Each morning, prayer and self affirmations helped me to stay grounded and focused, taking all things into perspective rather than interpreting things done or said by others in a negative light. I was there to perform a duty and in return receive compensation; any other additive was simply a by-product of the experience. I was determined not to take it on. Therefore, I took a very wholistic approach in every situation, whether I was interacting with a colleague or a disgruntled customer. I read a quote a few days ago “An unhealed person can find offense in pretty much anything someone does. A healed person understands that the actions of others has absolutely nothing to do with them. Each day you get to decide which one you will be.” That is the mindset that will help you get through difficult days not just in the work place but generally in life.
(5) Adopt a Heart of Gratitude: This point right here should be penned by Michael really! He has mastered the art of rising every morning from the day we said “I do” with this attitude. After 2013, just months after our nuptials the decision was made to officially close the store. I was devastated! After packing the last box, I sat in the empty store and broke down in tears. One would’ve thought that I was there from inception, but I was more concerned for our future. I also felt sad for him. I knew that he was an awesome, prudent responsible business man. So why was this happening to him? Why was this happening to us…now? BUT he maintained his composure through it all! If he did cry, I never saw him do it. Rather, he consoled me…imagine that? LOL! Explaining again, the principles of seasons. We had entered a new season. It was a new beginning for us, I knew that it wasn’t going to be easy but nothing worth building ever is right?
Anyway, back to the present…After being unemployed for nearly a year, getting a phone call at all was like a flicker of light at the end of a very long and winding tunnel. So to say that I was grateful for the opportunity was an understatement. Although the salary and job description did not match my ideal job, being able to independently make some cash was a relief. I had to maintain this same mindset that Michael did nearly six years ago when he had lost far more than I did. So on days when I felt completely exhausted after working long hours, barely able to get out of bed to get dressed for work, I had to recall the same mental state that I was in when I accepted the position. I was thankful to God for providing a way for me, it was like Abraham’s ram in the thicket.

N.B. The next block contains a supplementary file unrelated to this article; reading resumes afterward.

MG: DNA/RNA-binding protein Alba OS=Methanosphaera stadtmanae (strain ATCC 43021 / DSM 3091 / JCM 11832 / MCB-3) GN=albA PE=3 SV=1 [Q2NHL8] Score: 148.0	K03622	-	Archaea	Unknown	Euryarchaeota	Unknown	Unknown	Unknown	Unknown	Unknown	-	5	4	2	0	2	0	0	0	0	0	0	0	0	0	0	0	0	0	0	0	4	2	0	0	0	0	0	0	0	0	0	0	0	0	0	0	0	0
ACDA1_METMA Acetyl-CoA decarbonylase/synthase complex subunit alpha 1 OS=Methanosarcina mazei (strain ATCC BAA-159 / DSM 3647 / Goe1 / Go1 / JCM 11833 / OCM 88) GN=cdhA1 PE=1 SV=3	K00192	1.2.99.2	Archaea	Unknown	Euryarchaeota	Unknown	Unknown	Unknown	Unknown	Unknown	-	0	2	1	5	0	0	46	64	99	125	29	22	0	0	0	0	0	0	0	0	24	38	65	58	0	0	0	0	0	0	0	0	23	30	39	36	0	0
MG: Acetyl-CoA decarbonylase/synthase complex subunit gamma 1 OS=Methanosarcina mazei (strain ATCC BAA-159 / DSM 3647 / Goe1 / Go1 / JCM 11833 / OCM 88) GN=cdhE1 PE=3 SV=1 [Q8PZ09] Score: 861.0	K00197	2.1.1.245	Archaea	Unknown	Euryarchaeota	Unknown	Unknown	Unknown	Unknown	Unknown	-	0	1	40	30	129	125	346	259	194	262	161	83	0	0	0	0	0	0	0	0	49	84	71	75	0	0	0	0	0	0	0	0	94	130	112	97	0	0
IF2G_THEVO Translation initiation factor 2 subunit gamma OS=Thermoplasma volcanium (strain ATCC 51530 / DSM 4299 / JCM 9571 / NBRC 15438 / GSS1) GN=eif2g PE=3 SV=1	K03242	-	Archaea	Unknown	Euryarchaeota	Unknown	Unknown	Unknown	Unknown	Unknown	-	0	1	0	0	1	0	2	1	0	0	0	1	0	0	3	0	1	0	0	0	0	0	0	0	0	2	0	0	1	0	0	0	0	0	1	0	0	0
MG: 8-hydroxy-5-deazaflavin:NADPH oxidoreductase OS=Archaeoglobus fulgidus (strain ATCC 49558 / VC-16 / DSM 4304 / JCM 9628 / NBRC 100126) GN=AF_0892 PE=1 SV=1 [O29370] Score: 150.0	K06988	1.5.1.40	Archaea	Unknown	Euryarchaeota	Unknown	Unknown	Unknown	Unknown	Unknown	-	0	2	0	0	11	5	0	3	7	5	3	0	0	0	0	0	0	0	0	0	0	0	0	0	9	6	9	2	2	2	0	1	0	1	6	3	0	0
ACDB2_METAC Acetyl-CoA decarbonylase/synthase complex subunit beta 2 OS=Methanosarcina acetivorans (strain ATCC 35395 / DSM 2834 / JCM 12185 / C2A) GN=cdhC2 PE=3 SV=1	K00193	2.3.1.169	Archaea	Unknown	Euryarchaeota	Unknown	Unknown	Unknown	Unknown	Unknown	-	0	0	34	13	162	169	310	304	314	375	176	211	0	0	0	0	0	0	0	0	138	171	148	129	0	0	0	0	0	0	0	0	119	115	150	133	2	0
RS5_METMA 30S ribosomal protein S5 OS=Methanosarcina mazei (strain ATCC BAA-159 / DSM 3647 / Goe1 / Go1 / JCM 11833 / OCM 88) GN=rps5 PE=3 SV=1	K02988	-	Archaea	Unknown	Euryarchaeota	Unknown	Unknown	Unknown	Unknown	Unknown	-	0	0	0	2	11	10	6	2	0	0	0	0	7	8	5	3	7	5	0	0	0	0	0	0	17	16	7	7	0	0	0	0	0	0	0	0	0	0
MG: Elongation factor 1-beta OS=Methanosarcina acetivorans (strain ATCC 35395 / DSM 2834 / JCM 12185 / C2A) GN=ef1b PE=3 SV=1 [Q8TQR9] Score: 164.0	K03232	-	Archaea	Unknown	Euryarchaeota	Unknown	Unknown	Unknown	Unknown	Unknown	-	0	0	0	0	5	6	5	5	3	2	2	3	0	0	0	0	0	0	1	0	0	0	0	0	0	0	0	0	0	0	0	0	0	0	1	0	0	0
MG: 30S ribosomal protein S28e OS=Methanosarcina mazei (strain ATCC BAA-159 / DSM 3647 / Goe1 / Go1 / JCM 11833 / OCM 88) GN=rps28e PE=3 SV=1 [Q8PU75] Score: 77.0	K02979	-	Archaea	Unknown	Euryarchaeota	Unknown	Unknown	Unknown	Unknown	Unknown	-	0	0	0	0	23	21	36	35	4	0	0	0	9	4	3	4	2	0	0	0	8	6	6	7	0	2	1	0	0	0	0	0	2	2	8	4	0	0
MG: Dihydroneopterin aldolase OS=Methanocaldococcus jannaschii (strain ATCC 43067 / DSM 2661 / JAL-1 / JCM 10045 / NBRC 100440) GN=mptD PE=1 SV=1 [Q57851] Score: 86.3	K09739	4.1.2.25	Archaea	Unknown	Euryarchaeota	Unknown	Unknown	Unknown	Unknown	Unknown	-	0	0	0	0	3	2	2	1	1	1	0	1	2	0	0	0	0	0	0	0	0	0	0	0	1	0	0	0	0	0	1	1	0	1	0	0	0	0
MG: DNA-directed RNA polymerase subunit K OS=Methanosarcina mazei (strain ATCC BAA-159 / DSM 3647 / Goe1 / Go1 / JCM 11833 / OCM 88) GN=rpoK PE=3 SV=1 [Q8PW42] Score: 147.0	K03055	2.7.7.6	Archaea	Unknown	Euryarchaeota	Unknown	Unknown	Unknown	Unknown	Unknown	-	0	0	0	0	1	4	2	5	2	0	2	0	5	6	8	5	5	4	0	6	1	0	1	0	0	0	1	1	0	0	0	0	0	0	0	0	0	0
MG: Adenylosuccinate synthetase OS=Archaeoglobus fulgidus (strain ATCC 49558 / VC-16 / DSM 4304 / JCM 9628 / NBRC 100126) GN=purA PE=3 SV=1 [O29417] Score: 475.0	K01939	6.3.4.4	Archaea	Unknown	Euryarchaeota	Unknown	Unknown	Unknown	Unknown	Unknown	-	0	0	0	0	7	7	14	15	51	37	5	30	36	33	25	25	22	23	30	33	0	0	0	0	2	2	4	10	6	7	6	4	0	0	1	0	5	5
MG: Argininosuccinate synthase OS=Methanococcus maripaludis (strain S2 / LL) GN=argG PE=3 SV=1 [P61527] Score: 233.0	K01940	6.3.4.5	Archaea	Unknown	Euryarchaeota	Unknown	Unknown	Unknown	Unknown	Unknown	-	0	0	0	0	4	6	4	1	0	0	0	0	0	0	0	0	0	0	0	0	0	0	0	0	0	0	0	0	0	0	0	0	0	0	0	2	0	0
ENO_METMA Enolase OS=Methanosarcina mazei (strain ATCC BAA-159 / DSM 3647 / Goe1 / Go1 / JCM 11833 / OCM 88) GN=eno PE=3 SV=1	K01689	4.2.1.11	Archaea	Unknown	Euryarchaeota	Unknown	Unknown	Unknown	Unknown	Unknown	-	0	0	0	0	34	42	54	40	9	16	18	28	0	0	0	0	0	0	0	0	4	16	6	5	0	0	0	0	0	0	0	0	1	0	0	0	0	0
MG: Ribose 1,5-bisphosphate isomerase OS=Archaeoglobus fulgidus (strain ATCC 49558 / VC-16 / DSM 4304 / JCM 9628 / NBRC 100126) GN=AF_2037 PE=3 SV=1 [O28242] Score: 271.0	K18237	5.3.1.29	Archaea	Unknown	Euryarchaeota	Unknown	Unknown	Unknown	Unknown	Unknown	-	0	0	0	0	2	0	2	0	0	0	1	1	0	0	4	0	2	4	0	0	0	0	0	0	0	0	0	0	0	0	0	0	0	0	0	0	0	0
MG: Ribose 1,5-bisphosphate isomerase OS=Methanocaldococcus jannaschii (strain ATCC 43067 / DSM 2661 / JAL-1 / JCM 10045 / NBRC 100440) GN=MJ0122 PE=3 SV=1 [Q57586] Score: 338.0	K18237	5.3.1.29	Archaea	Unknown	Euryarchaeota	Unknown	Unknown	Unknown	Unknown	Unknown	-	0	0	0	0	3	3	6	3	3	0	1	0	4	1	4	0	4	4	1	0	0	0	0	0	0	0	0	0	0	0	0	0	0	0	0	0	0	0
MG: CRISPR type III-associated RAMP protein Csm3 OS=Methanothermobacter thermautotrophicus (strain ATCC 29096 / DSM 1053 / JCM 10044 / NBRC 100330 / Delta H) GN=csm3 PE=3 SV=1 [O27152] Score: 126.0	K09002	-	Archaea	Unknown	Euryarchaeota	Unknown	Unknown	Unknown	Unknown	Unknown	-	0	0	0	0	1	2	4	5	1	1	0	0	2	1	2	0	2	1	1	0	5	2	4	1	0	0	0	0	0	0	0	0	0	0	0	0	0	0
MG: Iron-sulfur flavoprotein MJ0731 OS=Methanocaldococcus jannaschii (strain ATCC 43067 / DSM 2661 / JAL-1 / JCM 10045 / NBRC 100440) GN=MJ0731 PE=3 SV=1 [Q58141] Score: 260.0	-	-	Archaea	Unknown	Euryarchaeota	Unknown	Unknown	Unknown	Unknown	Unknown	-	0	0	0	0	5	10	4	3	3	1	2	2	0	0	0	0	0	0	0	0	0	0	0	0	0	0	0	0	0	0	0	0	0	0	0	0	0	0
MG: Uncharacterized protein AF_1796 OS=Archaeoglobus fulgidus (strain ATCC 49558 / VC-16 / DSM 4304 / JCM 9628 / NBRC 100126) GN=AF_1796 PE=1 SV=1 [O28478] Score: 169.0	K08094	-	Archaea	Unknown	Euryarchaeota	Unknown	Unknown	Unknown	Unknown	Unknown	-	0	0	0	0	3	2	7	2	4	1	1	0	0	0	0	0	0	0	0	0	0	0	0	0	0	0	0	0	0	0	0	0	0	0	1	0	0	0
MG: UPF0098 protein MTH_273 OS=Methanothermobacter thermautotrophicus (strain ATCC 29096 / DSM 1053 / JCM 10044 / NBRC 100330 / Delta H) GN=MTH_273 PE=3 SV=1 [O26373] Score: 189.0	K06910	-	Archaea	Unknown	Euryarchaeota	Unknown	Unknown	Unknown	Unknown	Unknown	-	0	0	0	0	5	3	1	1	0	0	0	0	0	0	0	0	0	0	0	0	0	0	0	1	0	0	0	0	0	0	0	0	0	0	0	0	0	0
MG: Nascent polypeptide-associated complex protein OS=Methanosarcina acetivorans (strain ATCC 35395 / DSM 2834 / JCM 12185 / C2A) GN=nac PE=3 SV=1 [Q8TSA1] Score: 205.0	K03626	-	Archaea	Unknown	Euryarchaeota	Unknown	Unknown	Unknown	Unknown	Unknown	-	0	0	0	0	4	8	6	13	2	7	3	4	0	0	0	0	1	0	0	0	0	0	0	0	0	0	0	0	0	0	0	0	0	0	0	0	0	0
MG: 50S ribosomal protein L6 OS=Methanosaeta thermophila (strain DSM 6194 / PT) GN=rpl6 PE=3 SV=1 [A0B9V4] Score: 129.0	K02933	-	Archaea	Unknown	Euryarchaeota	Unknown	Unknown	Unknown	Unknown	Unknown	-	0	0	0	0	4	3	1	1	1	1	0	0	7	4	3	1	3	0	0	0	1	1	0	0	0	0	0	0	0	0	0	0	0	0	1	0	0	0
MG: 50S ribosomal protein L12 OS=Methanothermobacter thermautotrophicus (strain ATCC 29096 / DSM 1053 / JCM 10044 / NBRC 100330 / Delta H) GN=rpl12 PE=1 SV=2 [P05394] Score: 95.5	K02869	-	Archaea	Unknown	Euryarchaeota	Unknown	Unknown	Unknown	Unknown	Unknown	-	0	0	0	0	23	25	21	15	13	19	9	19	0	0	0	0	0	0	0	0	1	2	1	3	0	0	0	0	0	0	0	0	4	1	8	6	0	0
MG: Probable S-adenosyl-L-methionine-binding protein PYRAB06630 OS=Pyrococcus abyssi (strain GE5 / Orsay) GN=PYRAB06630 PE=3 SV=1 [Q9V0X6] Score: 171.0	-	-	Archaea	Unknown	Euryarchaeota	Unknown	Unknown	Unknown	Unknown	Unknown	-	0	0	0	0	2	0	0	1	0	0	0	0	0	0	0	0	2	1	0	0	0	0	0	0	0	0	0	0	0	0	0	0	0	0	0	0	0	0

(6) Stay Humble: So fast forward to now…right at the brink of my last few days of the 2nd contract I received a call from another institution. I had applied for a position nearly a year ago with them. They had called me in for an interview in late 2018, followed by a 2nd phone interview but after further consideration decided to fill the intended role internally instead. Needless to say I was disappointed at the time, because it would have been a perfect fit for what I had in mind.
Now more than six months later, the interviewer calls me back to ask if I would be ok with her releasing my CV to an independent consultancy company looking for a candidate to fill a role for which she felt I would be suitable for…My response “most definitely!”
I started with that company two weeks ago and get this, the required knowledge for the position is exactly what I had acquired during my 2nd contracted project at the financial institution.
What if I had failed to go through the process? What if I had said “No” to the initial job offer to pack uniform boxes because I felt that it was beneath my abilities? I think the lesson in all of this is very clear. Maintaining a positive attitude and remaining humble through every high and low is a powerful method for success. I left that company on a very good note I might add, especially since my contract was due for an extension had I not opted to take this job. My direct supervisor provided very good feedback on my work ethics at the end and even promised to put a personal recommendation into HR to rehire me should a suitable full time position become available in the future.
Its true what they say, “your attitude determines your altitude”…nothing could be more true!
Tried and proven…